I recently worked on a pilot project which aim is to provide IPv6-only global connectivity to a open wireless network. The network is mostly made of IEEE 802.11n base stations routing traffic from various mobile devices (e,g. laptops, smartphones) to outside services on the Internet. I had to address three challenges; the first being the lack of proper IPv6 support on some platforms, in particular on 'old' Android 4.x devices. The second challenge was to forward and transport the native IPv6 traffic from the clients, through the base stations and up to the nearest service provider's exit point. To address the latter I decided to leverage 6VPE on the MPLS backbone; the latter being composed of multi-vendors equipments from Cisco Systems and Juniper Networks. The label distribution protocol chosen is LDP for it's simplicity of operation and troubleshooting. Finally, and this is the topic of this article, I had to provide Internet Services to the wireless VPN instances so mobile clients can browse the web in a transparent and efficient manner, despite their physical locations and the base station they're associated with.
Recently, I have setup as part of an important lab, an IPsec site-to-site tunnel between a Cisco CSR 1000v router and an OpenBSD gateway running OpenIKED. The latter not only terminates a GRE/IP tunnel, but also provides a global internet connectivity through NAT/PAT. The intend is to secure the GRE traffic between the two devices which are located in two different sites and who are reachable across the internet. The Cisco CSR 1000v instance is also behind NAT, therefore the configuration is slightly more complex than what we may be used to and require the use of the IPsec Tunnel mode and the NAT-T capability. To establish the secure IPsec sessions I decided to use the latest iteration of the Internet Key Exchange protocol, namely IKEv2.
As promised, here is the second article on IP Multicast. This one specifically cover the addressing, which evolved in parallel to the high number of standards that define what multicast is today. I tried to compile a list that is as comprehensive as possible; if you find something that I omitted, please let me know, I will be glad to update this article accordingly. I hope this article will help you to quickly and efficiently review all or specific part of the multicast addressing.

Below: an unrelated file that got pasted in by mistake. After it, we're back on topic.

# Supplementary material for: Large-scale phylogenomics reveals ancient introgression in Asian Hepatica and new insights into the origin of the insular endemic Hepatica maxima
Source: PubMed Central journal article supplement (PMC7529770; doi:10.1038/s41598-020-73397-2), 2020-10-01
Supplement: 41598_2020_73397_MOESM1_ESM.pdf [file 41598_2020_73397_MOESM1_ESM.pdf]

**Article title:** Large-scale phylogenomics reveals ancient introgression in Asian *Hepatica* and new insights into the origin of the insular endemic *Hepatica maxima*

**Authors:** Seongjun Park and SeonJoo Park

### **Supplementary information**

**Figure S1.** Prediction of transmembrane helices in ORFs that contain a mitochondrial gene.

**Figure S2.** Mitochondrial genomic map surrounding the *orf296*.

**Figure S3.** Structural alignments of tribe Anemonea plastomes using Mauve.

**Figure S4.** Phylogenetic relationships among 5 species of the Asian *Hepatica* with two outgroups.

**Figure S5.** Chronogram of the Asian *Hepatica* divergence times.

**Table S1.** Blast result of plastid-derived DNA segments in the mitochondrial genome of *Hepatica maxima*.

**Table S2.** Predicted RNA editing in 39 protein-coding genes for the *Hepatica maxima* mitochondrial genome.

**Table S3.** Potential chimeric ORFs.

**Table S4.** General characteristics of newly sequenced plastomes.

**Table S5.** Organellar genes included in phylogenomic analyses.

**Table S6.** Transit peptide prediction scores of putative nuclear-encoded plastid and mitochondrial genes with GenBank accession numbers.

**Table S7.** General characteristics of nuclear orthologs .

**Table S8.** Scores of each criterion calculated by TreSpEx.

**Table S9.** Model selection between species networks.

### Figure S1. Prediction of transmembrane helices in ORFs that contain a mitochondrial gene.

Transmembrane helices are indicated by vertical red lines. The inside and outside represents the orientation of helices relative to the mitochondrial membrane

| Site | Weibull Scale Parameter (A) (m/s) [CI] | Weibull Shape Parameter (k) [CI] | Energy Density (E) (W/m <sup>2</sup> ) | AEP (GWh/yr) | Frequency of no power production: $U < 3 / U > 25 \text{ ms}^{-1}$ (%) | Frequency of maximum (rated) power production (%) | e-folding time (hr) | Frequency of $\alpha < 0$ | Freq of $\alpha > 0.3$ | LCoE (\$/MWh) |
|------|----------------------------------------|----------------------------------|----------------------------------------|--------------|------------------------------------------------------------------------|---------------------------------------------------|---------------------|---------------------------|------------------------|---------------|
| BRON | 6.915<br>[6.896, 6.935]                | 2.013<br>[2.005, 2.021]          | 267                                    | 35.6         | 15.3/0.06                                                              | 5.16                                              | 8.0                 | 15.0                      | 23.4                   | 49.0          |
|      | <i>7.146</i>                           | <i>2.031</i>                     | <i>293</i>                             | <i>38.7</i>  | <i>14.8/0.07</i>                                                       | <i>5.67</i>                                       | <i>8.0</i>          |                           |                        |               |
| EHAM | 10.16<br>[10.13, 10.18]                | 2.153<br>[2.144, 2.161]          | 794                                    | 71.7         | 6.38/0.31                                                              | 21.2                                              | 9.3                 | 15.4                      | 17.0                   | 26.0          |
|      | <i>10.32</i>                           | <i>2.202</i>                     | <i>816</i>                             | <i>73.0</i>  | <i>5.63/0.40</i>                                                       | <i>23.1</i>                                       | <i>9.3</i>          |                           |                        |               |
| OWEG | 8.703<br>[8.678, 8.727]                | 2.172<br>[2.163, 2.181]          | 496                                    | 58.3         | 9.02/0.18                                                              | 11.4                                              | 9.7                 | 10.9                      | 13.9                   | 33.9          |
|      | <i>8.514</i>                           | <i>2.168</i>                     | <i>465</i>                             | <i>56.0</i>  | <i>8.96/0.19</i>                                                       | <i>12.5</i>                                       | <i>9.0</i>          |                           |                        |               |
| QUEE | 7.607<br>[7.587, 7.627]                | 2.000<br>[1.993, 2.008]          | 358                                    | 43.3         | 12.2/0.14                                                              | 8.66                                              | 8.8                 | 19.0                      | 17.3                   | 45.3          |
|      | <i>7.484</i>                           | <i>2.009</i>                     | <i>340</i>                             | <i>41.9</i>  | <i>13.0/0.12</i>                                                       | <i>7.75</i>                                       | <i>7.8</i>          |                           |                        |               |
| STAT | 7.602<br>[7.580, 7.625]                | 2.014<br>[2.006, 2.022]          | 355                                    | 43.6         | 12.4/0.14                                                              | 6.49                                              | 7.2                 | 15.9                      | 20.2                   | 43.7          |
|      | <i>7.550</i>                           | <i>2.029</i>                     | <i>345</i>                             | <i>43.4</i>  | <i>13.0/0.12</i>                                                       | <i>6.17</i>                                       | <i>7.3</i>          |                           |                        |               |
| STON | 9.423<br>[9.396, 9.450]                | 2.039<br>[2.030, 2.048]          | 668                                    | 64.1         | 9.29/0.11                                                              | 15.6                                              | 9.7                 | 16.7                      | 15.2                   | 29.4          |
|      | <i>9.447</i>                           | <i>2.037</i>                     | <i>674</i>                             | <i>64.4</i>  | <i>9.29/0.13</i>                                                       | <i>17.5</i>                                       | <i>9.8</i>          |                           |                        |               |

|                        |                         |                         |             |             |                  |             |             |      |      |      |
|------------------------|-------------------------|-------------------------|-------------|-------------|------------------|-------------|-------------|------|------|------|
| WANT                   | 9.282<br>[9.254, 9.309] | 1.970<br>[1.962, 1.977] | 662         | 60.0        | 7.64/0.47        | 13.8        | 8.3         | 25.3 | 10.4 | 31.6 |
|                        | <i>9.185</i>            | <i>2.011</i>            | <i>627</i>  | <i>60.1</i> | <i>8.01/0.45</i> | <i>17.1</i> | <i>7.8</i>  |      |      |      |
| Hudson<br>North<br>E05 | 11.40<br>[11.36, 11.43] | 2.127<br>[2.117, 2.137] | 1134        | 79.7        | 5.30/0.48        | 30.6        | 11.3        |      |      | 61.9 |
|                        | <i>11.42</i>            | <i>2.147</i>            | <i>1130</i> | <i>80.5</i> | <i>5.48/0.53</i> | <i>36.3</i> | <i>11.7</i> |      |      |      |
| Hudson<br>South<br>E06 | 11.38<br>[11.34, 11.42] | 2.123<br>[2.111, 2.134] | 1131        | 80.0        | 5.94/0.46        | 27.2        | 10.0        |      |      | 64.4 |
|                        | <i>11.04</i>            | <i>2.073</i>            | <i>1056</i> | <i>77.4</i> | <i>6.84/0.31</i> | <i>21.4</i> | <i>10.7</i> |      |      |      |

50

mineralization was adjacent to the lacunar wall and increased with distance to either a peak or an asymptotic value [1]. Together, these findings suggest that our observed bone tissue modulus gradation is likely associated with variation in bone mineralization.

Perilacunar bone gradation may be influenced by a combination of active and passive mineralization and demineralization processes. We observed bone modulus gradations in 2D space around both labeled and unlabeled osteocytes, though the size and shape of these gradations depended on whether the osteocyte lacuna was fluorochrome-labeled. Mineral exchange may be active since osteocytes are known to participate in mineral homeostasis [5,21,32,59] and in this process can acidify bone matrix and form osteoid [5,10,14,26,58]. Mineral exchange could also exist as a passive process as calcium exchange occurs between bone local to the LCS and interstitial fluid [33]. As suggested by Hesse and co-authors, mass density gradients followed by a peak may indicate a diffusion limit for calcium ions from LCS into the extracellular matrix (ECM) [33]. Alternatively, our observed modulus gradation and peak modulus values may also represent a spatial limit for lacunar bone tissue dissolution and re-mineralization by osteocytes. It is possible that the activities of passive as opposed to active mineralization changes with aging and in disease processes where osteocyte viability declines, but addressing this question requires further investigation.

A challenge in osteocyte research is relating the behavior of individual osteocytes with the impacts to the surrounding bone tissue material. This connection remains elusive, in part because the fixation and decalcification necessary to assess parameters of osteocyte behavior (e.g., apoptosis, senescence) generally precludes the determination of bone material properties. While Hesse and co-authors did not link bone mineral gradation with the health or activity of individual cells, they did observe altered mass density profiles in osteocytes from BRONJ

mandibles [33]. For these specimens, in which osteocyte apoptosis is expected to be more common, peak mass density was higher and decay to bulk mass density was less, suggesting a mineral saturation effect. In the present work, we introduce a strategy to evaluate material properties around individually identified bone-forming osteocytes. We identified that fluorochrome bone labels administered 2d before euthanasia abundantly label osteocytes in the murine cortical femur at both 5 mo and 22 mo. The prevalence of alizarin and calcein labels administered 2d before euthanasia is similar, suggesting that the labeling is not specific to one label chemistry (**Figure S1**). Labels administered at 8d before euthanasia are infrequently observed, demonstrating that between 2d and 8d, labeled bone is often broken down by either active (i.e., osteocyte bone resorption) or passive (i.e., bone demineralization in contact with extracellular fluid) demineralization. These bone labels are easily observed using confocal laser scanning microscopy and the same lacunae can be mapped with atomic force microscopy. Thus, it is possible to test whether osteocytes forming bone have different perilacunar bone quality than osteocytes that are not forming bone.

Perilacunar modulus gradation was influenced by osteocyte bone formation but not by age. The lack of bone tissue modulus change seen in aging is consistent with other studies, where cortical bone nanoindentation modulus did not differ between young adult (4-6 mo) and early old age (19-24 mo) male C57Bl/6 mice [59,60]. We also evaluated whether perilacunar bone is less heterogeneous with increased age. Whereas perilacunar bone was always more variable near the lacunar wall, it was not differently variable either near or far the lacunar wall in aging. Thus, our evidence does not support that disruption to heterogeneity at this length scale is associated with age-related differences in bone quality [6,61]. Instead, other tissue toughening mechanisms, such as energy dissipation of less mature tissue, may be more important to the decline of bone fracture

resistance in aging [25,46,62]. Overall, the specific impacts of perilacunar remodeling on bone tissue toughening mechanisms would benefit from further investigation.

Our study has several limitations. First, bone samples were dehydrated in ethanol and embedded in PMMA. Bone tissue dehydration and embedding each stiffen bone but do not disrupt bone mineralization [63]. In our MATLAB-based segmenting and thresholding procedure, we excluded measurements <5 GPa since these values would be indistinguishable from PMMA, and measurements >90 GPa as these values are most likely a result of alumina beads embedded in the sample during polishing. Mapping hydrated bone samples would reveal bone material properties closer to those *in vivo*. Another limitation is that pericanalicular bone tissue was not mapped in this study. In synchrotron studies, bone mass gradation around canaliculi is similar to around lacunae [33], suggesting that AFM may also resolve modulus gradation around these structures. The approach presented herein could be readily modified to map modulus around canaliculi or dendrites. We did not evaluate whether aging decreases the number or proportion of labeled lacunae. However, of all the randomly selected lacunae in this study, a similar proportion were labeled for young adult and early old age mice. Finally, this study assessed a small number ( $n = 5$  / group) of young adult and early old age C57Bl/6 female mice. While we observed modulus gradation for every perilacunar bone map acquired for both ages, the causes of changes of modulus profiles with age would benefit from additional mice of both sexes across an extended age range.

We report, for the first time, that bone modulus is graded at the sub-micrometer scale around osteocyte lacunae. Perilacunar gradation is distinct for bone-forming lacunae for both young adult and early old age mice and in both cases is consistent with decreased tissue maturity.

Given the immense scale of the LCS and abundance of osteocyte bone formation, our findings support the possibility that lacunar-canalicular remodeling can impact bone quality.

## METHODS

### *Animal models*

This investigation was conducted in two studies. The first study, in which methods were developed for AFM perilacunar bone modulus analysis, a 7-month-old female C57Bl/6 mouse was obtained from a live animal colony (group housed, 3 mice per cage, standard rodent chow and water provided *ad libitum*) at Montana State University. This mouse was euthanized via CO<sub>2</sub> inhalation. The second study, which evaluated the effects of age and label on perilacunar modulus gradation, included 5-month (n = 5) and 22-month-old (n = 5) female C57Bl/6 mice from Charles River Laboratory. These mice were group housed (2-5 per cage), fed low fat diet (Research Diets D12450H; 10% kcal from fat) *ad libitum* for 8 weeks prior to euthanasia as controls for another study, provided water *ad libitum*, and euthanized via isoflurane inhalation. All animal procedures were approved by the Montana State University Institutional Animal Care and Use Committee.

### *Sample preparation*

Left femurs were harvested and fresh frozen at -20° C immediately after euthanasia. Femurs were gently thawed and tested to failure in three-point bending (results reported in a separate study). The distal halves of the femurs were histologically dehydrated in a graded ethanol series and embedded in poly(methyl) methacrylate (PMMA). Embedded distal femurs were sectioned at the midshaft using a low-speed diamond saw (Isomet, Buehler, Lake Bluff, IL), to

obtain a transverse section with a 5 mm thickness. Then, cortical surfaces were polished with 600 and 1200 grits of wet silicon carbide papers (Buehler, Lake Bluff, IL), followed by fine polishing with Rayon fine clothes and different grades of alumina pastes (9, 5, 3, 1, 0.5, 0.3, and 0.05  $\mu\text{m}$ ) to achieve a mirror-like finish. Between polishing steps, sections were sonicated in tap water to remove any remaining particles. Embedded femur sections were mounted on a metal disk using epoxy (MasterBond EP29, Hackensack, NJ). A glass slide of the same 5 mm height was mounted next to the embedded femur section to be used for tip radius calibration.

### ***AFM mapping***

This article is the first of a series about IP multicast. Multicast is a great technology which you may come across as an network engineer. Unfortunately, it's still a frequently overlooked technology due to its alleged complexity. In fact, multicast addressing is no more complex than unicast. Multicast routing is only about understanding a few basic principles, but once you get them, you can easily design and implement very large and sparse multicast networks. Troubleshooting is certainly more difficult because of the stateful nature of multicast routing, but with proper use of tools and procedures, you can quickly figure out where problems lies and how to solve them. As these aspects are very different from each other, I will cover them in separate articles. Here's the first article; an overview of IP multicast.
A few months ago, I had that crazy idea to write a book about IP Multicast. It's a technology I always found very attractive, but unfortunately quite overlooked by most network professionals. There is already lot of great literature on the subject, so I wanted to bring something new; treating the subject in both a vendor neutral and network-layer independent way. In addition to the consequent theoretical aspect of multicast, I wanted to share my practical experience by covering tools and troubleshooting procedures.
Fortunately, or unfortunately, I will let you judge, I've no more spare time to continue the writing of this book. Recent updates in my professional career plan have shorten my spare time considerably; enough to ask myself if it's not more profitable to release the content I already wrote for free, so anyone can benefit of it.